'Vespa World Days 2015', held at Croatia from June 11, 2015, came to an end on Sunday June 14.This four day international rally brought more than 5,000 historic and recent Vespa models from 32 different countries.
Martin Shift, President of the Vespa World Club presented the Trophy to Italian Sirmione Vespa Club, a team made up of 12 Vespas that reached Biograd after visiting the most check-points throughout Europe. Cerignola Vespa Club came second and first time participant Veronese VR37100 Vespa Club was given the third prize.
Now the baton will be passed to the Vespa Club de France which will organise 2016 rally in Cote d'Azur at Saint Tropez.
After Paris, Barcelona, Roma, Madrid, Hamburg and London, Vespa World Days 2015 will take place in the Croatian Adriatic town of Biograd on 11-14 June with more than 5,000 riders taking part in the biggest gathering of Vespa owners and lovers.
According to the president of the Vespa Club Croatia, Rafael Culjak, more than 5,000 riders from 32 countries have confirmed their arrival which will make this the biggest Vespa event in history.
For most people, the terms “kickass firepower” and “motor scooter” don’t belong together. Then again, most people have never seen the Vespa 150 TAP that served with French airborne troops in the 1950s. Made by Ateliers de Construction de Motocycles et Automobiles, France’s official builder of Vespa scooters at the time, it combined mobility with one helluva big gun.
The late 40s and 50s were tough years for most of Europe. Many nations were still putting themselves together after the devastation of World War II. France was no exception. But the French military still needed weapons to serve its interests in Indochina and Algiers.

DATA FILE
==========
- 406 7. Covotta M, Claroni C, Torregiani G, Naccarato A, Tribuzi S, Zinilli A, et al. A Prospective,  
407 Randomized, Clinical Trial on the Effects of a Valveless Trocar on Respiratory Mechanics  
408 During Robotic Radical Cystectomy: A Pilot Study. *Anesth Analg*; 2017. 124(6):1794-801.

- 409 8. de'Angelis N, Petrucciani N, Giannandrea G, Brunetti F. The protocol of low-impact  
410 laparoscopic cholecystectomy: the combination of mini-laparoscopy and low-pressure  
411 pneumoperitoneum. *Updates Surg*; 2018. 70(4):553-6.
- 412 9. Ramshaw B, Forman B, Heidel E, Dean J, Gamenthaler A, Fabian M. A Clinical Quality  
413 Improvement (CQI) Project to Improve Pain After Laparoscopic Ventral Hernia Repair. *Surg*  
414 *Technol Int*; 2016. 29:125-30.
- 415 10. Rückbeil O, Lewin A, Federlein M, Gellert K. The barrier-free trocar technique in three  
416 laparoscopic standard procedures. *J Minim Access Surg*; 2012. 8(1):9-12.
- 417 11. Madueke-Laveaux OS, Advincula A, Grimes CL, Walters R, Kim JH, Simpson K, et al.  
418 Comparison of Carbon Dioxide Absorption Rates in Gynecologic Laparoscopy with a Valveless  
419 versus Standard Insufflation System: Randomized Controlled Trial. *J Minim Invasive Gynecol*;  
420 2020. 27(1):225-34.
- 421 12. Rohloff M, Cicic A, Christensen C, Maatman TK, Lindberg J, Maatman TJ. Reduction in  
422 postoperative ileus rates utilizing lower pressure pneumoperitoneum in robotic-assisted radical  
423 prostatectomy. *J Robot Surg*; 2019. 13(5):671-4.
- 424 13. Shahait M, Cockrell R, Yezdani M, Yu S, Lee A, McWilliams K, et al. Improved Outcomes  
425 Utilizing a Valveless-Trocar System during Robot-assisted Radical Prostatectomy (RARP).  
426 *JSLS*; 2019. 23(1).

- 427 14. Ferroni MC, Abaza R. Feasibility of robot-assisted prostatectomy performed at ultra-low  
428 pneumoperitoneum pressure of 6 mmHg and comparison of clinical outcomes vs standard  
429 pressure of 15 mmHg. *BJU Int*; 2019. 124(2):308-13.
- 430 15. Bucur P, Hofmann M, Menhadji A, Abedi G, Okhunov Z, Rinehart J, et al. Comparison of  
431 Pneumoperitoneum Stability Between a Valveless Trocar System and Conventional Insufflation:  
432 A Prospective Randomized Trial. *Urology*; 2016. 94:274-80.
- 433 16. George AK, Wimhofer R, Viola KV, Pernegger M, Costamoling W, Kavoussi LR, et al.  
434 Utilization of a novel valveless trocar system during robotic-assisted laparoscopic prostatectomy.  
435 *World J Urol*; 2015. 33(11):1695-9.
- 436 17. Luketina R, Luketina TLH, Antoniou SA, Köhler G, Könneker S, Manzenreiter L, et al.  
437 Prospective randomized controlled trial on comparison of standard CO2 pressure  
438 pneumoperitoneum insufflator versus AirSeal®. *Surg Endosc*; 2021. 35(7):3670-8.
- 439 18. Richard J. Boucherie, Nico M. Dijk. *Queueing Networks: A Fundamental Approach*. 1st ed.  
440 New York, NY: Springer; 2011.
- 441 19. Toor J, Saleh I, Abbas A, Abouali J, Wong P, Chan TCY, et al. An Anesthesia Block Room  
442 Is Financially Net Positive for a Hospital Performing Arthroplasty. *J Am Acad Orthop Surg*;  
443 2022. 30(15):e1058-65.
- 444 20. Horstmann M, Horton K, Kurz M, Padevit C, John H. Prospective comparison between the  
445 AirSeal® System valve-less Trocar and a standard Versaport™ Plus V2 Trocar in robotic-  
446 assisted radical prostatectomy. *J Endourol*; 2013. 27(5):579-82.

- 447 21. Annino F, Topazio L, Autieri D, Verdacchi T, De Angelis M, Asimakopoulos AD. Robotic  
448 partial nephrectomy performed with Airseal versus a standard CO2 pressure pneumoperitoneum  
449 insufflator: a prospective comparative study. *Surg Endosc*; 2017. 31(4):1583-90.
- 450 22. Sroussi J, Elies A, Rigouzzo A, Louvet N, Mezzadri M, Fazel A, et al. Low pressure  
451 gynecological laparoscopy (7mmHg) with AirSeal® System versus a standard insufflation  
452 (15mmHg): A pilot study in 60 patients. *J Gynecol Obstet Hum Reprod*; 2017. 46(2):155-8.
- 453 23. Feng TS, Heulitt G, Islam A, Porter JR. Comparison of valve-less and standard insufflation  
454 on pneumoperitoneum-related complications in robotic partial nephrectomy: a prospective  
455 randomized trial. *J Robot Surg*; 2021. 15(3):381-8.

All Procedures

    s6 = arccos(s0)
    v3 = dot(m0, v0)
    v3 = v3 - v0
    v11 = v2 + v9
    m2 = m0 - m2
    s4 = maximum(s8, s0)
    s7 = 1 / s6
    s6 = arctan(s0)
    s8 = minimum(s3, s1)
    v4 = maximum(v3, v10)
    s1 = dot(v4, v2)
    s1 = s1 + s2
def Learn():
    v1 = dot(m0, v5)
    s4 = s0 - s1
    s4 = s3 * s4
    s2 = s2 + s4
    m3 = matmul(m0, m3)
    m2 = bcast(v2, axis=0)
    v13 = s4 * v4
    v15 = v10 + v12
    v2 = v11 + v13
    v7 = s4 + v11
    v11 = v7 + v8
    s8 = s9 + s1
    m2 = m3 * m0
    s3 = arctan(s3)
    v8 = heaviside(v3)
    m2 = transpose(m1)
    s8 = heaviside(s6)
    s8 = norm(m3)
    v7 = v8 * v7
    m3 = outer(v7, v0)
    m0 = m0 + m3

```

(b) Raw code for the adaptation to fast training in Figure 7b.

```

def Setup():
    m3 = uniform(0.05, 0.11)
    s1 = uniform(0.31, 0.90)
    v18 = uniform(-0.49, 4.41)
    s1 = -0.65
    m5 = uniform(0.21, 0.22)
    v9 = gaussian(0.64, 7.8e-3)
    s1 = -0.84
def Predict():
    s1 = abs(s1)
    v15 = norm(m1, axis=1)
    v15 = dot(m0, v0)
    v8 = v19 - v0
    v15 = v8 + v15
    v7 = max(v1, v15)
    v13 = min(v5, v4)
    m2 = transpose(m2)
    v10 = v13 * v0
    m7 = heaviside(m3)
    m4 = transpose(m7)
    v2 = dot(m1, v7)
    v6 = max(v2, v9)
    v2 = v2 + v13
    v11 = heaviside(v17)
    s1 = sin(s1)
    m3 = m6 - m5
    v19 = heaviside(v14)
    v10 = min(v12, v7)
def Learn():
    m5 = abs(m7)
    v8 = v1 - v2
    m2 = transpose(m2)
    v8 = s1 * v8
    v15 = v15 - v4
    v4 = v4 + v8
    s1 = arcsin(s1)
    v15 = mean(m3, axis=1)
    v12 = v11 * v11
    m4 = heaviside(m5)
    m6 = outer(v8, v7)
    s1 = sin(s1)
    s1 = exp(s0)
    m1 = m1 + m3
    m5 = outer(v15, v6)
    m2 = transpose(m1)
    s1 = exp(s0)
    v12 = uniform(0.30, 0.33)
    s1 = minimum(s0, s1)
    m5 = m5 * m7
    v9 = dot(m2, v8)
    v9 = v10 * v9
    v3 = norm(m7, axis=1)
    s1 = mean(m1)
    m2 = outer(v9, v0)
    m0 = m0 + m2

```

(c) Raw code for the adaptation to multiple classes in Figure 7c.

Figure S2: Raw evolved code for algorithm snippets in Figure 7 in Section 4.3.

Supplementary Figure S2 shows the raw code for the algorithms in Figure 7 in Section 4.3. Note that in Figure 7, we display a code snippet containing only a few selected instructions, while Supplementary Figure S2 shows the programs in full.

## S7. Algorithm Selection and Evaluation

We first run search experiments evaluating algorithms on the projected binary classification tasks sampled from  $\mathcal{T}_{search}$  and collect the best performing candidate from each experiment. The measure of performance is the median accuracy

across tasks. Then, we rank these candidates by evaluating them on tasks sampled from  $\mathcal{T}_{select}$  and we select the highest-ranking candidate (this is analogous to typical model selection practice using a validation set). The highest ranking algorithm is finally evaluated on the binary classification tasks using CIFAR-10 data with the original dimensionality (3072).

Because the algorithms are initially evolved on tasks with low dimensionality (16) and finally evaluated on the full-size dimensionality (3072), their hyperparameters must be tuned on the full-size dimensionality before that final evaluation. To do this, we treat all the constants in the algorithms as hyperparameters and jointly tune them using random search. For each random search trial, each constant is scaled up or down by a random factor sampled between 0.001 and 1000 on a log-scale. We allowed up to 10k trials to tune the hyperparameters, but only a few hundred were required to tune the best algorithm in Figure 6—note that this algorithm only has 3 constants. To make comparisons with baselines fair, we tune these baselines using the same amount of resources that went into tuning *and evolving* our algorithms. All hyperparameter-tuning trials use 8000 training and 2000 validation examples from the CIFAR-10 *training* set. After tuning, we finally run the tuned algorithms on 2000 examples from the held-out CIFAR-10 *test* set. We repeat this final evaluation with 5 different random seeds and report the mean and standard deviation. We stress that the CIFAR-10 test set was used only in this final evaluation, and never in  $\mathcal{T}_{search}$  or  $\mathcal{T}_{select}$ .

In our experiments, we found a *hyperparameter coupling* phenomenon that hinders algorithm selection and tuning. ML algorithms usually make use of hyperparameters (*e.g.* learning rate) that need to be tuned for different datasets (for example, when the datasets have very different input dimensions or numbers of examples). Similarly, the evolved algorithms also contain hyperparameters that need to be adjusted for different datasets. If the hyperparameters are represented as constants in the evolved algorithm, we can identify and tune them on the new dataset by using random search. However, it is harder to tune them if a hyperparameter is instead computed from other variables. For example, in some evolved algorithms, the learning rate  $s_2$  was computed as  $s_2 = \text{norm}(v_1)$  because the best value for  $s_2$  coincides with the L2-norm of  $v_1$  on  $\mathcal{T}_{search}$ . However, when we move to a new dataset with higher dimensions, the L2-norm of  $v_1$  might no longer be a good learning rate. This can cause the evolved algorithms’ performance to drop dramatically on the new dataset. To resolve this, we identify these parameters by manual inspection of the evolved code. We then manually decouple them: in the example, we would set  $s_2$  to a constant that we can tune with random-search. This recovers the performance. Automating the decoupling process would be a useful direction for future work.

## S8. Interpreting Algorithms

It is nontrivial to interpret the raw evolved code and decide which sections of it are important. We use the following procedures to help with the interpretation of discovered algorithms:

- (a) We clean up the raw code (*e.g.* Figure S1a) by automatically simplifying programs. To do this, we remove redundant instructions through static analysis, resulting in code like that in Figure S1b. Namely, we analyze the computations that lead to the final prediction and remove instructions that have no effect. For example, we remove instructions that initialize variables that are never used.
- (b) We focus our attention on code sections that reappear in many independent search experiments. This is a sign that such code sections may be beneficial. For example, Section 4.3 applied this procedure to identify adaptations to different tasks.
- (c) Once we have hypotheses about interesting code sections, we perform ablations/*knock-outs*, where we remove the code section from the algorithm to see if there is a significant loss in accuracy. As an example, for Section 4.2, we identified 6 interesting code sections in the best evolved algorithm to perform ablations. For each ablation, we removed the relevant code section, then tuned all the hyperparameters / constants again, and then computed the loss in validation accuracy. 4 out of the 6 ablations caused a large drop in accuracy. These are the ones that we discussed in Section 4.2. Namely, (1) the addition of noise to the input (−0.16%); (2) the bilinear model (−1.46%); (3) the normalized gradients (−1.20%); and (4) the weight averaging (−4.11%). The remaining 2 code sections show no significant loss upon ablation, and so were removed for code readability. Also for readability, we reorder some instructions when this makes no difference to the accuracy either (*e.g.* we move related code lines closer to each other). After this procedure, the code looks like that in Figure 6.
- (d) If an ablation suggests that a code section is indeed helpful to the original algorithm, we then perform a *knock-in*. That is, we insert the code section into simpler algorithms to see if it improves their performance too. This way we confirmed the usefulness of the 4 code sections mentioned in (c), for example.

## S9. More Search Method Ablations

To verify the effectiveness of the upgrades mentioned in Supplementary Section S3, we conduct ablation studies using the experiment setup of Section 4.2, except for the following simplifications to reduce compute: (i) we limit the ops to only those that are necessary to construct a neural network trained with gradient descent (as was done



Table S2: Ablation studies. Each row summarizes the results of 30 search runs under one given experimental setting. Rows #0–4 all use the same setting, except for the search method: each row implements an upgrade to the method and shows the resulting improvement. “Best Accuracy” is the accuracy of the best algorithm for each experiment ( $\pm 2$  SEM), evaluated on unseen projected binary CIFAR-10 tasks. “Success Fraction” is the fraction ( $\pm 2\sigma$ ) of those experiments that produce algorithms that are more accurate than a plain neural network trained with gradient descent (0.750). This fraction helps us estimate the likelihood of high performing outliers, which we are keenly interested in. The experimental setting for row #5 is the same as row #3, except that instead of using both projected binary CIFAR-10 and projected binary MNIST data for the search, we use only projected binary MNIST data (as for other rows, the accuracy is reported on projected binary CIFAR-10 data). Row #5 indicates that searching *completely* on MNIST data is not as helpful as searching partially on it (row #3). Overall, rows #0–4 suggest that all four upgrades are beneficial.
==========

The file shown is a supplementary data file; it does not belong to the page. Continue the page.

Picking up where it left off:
Enter the Vespa 150 TAP. It combined a scooter with a 146 cm⊃3; single cylinder, two-stroke engine, and a US-made M20 75mm recoilless rifle. The result was one of the oddest mismatches in the history of warfare.
The perky Miss Dieu surveys our motley group of motor scooter novices as we line up outside the alarmingly overdecorated The Reverie Saigon hotel. She is keen to make us feel comfortable about our upcoming, and potentially scary, adventure. “It is only when you are inside the Ho Chi Minh City traffic,” she says solemnly, “that you will begin to understand how it works.”
Less than five minutes later, with a sturdy helmet in place as I cling to the waist of broad-shouldered Truong while we speed hither and thither through the city’s downtown core, I begin to understand what she means. I am riding pillion on his shiny black Vespa and hurtling about our fragile little vehicle is the swallowing flow of cars, buses, trucks and phalanxes of motorbikes, on which families of up to five or six ride pressed together, concertina-style. These mobile communities rarely seem to wear helmets or even enclosed shoes; one family hurtles by with a white-haired grandma, regally enthroned at the motorbike’s rear, who has one hand up, balancing a cooking pot on her head.
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